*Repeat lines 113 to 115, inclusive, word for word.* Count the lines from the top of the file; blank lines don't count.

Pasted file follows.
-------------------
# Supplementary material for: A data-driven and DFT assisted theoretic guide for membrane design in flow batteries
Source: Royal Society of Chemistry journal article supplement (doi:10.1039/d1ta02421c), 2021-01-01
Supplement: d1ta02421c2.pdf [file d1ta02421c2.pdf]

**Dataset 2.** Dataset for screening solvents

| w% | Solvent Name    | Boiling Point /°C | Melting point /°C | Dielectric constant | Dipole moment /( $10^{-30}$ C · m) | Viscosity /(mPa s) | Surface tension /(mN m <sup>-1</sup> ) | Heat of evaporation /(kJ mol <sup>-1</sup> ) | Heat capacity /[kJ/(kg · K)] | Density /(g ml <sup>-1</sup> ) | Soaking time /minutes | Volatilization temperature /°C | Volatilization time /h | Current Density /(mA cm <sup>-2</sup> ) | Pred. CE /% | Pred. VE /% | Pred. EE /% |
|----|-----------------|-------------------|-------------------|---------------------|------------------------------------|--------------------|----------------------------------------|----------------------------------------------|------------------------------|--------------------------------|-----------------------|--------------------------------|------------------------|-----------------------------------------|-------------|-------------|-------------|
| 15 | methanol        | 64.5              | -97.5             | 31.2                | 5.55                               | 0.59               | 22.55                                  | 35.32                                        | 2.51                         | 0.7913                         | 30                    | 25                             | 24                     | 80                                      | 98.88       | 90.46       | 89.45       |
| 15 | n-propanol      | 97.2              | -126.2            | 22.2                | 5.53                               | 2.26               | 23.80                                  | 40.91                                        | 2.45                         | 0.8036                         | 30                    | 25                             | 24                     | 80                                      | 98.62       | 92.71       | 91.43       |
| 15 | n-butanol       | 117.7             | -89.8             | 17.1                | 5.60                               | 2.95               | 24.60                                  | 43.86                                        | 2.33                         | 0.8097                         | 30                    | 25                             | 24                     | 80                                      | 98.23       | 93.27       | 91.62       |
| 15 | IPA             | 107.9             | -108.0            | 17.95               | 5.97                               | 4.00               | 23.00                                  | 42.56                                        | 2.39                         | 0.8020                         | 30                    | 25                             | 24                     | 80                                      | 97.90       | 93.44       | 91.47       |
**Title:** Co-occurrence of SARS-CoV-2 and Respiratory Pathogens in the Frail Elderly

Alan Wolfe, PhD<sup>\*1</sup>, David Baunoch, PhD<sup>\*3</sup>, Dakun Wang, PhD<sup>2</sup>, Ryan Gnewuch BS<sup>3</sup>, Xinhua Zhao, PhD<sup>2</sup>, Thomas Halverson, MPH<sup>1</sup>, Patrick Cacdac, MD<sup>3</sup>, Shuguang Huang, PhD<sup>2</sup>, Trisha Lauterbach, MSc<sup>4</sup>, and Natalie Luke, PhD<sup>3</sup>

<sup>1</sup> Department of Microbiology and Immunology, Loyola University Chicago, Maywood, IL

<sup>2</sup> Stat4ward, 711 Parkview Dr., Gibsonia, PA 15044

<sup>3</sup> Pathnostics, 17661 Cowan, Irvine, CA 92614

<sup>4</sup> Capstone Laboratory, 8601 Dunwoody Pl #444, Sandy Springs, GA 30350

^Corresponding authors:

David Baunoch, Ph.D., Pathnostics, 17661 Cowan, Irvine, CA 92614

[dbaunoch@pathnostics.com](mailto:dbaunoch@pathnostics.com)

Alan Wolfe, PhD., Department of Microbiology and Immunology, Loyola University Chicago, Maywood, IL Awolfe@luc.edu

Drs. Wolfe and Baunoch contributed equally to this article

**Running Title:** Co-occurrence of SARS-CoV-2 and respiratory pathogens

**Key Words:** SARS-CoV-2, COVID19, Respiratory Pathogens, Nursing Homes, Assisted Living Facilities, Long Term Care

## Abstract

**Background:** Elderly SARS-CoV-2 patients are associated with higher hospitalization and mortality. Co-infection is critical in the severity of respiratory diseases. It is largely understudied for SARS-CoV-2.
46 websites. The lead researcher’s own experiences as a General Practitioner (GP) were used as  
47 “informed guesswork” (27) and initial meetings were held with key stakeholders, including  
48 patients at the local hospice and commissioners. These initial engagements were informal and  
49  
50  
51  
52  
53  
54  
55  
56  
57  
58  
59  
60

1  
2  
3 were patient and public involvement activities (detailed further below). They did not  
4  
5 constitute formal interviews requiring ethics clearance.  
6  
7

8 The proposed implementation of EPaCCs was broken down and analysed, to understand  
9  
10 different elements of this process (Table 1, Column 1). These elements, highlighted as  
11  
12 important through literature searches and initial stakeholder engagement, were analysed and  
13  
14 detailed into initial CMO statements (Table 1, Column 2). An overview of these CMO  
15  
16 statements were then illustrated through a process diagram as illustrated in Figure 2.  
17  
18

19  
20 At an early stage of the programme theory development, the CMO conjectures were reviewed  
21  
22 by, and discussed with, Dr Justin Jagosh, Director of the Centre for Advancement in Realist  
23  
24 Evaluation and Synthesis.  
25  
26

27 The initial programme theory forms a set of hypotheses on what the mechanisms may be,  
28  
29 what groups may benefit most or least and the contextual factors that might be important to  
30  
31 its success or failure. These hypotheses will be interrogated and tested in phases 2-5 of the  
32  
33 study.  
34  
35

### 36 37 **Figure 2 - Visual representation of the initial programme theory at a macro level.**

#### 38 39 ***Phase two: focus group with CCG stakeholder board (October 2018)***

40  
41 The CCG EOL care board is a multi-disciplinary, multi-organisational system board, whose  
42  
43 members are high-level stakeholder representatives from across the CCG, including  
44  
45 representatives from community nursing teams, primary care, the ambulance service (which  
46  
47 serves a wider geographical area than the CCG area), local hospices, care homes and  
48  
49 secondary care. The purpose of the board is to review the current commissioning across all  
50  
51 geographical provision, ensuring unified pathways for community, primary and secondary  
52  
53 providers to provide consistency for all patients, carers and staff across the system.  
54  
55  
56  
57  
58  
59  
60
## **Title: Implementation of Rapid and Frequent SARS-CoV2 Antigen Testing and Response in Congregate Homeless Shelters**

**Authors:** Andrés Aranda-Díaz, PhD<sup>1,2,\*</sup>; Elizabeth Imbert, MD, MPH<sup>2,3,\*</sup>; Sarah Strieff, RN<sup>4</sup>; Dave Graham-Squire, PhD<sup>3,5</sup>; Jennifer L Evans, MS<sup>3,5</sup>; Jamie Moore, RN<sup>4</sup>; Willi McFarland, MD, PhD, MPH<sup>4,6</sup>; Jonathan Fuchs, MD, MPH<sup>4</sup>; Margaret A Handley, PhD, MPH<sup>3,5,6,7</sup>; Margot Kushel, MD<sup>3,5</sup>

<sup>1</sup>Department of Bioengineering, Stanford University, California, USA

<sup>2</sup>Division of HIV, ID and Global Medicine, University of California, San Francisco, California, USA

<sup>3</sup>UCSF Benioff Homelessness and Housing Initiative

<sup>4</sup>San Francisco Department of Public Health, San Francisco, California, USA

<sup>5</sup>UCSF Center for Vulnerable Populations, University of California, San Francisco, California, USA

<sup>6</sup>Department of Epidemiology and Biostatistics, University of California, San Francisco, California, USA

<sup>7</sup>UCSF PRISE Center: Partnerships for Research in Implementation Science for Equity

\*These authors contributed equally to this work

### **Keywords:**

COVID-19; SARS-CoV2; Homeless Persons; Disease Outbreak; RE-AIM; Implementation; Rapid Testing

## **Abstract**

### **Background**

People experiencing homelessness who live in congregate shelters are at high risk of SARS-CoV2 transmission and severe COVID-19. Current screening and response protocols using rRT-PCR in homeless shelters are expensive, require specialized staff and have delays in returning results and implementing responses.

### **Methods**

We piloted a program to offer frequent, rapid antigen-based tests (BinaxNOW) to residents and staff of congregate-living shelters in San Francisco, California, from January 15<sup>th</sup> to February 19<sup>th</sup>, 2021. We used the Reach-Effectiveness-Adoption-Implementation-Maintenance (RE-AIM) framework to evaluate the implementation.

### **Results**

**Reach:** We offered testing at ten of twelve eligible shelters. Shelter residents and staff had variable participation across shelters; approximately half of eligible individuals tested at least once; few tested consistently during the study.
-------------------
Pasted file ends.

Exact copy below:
People experiencing homelessness who live in congregate shelters are at high risk of SARS-CoV2 transmission and severe COVID-19. Current screening and response protocols using rRT-PCR in homeless shelters are expensive, require specialized staff and have delays in returning results and implementing responses.

### **Methods**

We piloted a program to offer frequent, rapid antigen-based tests (BinaxNOW) to residents and staff of congregate-living shelters in San Francisco, California, from January 15<sup>th</sup> to February 19<sup>th</sup>, 2021. We used the Reach-Effectiveness-Adoption-Implementation-Maintenance (RE-AIM) framework to evaluate the implementation.